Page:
I’m really excited to have the opportunity to work closely with Millie and the Circle of Confusion team on this project as an executive producer. If the show moves into production, I’d love to be part of that on the writing side, too.

I think it’s kind of unprecedented to have two Deaf female producers on a project, and though we’re still in the early days in terms of development, I love that we’ve got a united vision about what this show should and could be.

You’ve written in The Guardian that due to a number of factors, including spoken/written English being a second language for many, there is a paucity of fiction written by d/Deaf authors. As a Deaf writer, how keenly have you felt that, both in terms of the kinds of stories you read and the lack of role models?

I feel a little conflicted about this piece today—on one hand, there is certainly an underrepresentation of d/Deaf writers and authentic Deaf stories in the literary world (and in Hollywood). On the other, I think a lot of those feelings of isolation were stemming from my experience in an MFA program where I was the only Deaf person, and was feeling that singularness acutely. When you only read stories for and by hearing people, you can get to thinking that what you have to say isn’t “literary,” which is why representation matters so much.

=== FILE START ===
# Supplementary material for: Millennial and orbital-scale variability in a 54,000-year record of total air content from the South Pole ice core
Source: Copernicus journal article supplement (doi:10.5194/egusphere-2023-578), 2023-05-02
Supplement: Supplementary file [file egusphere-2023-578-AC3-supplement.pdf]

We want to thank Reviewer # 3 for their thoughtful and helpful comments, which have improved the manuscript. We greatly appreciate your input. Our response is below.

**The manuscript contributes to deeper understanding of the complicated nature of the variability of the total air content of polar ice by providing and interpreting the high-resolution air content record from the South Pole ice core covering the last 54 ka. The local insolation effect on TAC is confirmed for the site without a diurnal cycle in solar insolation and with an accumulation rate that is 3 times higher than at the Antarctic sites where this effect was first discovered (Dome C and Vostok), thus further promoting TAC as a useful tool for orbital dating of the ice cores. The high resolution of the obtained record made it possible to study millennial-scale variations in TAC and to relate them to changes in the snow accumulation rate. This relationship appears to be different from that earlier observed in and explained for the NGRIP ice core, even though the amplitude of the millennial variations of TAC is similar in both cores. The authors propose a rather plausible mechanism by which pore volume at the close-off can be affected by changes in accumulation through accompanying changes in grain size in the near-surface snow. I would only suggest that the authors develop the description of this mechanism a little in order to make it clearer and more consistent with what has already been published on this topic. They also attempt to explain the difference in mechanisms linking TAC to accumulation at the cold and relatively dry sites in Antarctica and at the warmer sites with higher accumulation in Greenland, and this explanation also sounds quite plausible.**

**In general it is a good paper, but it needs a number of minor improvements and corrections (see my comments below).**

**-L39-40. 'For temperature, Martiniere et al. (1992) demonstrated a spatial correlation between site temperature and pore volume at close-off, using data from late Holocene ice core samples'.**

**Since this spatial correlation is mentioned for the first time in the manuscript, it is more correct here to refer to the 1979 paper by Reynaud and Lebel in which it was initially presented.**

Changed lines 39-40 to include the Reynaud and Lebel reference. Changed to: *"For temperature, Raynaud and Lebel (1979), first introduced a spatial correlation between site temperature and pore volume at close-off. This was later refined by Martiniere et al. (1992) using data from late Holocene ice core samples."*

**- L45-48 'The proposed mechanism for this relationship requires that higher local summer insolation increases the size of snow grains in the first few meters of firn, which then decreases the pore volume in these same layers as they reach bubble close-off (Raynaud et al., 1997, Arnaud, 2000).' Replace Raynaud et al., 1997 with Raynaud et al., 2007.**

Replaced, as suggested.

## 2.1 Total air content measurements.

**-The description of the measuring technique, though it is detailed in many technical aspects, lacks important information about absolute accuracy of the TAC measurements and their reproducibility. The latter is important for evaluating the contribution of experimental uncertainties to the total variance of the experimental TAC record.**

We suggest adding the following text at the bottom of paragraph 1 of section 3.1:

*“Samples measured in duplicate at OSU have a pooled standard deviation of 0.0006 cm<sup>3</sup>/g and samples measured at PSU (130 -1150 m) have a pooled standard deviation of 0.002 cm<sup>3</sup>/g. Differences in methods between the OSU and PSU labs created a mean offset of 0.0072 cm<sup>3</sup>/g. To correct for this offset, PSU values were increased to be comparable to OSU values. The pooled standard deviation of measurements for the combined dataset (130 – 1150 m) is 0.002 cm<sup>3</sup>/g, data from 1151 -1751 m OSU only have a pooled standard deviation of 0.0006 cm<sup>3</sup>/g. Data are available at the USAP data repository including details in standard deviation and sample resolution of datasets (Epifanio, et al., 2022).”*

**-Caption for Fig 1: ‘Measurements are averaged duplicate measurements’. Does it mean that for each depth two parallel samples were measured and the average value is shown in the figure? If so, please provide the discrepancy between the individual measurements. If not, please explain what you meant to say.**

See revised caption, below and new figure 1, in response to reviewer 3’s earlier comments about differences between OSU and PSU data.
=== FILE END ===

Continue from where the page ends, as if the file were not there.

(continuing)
In the years since, I’ve had the pleasure of getting to know more Deaf writers, artists, and journalists, and have realized, of course there are many of us—the real question is whether the literary world will step up and champion those stories.

book jacket showing orange disc behind leafless trees against dusk sky.

Both True Biz and your first novel, Girl at War, are coming-of-age stories. What is it about childhood/adolescence that attracts you as a writer?

People are so quick to relegate stories featuring young people into a “YA” category, and I want to push back against that. When you’re young and feeling everything so full-on, that’s when the capacity for change is at its greatest, and what’s more interesting in fiction than a character transformation? American culture is often dismissive of, or condescending to children and young people, but we have a lot to learn from them. I always say that I’ll stop writing about kids and teenagers when they stop teaching me things; they haven’t yet.

For Girl at War, it was a bit more straightforward, because I was only 18 or so when I started writing it. It was also important to me that a story about war be centered around the people who suffer the most and are the most ignored during conflict—women and children. With True Biz the story is more evenly split between coming-of-age and approaching middle-age, as the student protagonist and the headmistress act as foils for one another through the novel.

How has Emerson shaped you as a writer and/or an activist?